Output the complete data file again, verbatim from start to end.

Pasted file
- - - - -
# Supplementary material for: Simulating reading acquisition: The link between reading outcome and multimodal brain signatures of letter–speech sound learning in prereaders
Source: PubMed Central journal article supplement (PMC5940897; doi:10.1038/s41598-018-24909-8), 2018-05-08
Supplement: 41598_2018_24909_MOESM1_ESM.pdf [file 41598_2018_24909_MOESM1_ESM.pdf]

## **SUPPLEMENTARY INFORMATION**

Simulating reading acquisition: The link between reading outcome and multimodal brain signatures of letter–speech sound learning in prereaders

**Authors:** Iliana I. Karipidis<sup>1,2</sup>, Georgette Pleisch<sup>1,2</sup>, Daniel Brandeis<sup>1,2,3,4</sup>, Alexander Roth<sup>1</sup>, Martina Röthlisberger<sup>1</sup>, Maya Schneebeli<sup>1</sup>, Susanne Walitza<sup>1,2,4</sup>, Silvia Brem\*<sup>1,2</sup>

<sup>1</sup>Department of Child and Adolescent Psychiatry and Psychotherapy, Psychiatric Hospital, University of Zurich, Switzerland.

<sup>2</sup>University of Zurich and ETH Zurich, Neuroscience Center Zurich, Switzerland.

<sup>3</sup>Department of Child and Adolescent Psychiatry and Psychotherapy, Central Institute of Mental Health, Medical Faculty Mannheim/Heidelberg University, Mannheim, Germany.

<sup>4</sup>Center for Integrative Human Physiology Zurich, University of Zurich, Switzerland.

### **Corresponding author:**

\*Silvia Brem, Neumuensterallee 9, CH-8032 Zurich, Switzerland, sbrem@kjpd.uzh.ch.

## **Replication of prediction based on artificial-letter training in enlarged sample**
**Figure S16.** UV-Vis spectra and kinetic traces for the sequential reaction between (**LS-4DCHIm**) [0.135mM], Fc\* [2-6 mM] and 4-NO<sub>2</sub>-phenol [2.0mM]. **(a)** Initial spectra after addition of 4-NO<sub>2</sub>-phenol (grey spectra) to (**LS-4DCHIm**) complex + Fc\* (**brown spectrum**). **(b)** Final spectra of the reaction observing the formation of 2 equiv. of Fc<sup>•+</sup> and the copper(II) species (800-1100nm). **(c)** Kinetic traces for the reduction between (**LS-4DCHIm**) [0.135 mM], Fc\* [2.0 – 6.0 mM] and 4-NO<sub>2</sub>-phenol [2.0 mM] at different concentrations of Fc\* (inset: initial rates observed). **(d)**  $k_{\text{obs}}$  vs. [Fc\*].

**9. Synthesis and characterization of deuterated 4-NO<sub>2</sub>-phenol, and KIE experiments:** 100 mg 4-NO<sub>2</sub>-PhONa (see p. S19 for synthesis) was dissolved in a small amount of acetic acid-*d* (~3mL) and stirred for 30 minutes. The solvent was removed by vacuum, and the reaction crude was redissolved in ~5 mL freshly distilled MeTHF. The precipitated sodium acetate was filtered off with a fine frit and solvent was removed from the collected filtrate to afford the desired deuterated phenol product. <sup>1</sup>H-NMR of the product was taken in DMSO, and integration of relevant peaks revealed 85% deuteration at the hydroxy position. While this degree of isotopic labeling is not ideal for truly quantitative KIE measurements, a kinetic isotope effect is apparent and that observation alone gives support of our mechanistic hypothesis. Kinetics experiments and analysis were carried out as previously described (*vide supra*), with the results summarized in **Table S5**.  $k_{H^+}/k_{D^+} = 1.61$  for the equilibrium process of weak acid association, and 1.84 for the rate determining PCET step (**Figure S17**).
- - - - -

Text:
# Supplementary material for: Simulating reading acquisition: The link between reading outcome and multimodal brain signatures of letter–speech sound learning in prereaders
Source: PubMed Central journal article supplement (PMC5940897; doi:10.1038/s41598-018-24909-8), 2018-05-08
Supplement: 41598_2018_24909_MOESM1_ESM.pdf [file 41598_2018_24909_MOESM1_ESM.pdf]

## **SUPPLEMENTARY INFORMATION**

Simulating reading acquisition: The link between reading outcome and multimodal brain signatures of letter–speech sound learning in prereaders

**Authors:** Iliana I. Karipidis<sup>1,2</sup>, Georgette Pleisch<sup>1,2</sup>, Daniel Brandeis<sup>1,2,3,4</sup>, Alexander Roth<sup>1</sup>, Martina Röthlisberger<sup>1</sup>, Maya Schneebeli<sup>1</sup>, Susanne Walitza<sup>1,2,4</sup>, Silvia Brem\*<sup>1,2</sup>

<sup>1</sup>Department of Child and Adolescent Psychiatry and Psychotherapy, Psychiatric Hospital, University of Zurich, Switzerland.

<sup>2</sup>University of Zurich and ETH Zurich, Neuroscience Center Zurich, Switzerland.

<sup>3</sup>Department of Child and Adolescent Psychiatry and Psychotherapy, Central Institute of Mental Health, Medical Faculty Mannheim/Heidelberg University, Mannheim, Germany.

<sup>4</sup>Center for Integrative Human Physiology Zurich, University of Zurich, Switzerland.

### **Corresponding author:**

\*Silvia Brem, Neumuensterallee 9, CH-8032 Zurich, Switzerland, sbrem@kjpd.uzh.ch.

## **Replication of prediction based on artificial-letter training in enlarged sample**
**Figure S16.** UV-Vis spectra and kinetic traces for the sequential reaction between (**LS-4DCHIm**) [0.135mM], Fc\* [2-6 mM] and 4-NO<sub>2</sub>-phenol [2.0mM]. **(a)** Initial spectra after addition of 4-NO<sub>2</sub>-phenol (grey spectra) to (**LS-4DCHIm**) complex + Fc\* (**brown spectrum**). **(b)** Final spectra of the reaction observing the formation of 2 equiv. of Fc<sup>•+</sup> and the copper(II) species (800-1100nm). **(c)** Kinetic traces for the reduction between (**LS-4DCHIm**) [0.135 mM], Fc\* [2.0 – 6.0 mM] and 4-NO<sub>2</sub>-phenol [2.0 mM] at different concentrations of Fc\* (inset: initial rates observed). **(d)**  $k_{\text{obs}}$  vs. [Fc\*].

**9. Synthesis and characterization of deuterated 4-NO<sub>2</sub>-phenol, and KIE experiments:** 100 mg 4-NO<sub>2</sub>-PhONa (see p. S19 for synthesis) was dissolved in a small amount of acetic acid-*d* (~3mL) and stirred for 30 minutes. The solvent was removed by vacuum, and the reaction crude was redissolved in ~5 mL freshly distilled MeTHF. The precipitated sodium acetate was filtered off with a fine frit and solvent was removed from the collected filtrate to afford the desired deuterated phenol product. <sup>1</sup>H-NMR of the product was taken in DMSO, and integration of relevant peaks revealed 85% deuteration at the hydroxy position. While this degree of isotopic labeling is not ideal for truly quantitative KIE measurements, a kinetic isotope effect is apparent and that observation alone gives support of our mechanistic hypothesis. Kinetics experiments and analysis were carried out as previously described (*vide supra*), with the results summarized in **Table S5**.  $k_{H^+}/k_{D^+} = 1.61$  for the equilibrium process of weak acid association, and 1.84 for the rate determining PCET step (**Figure S17**).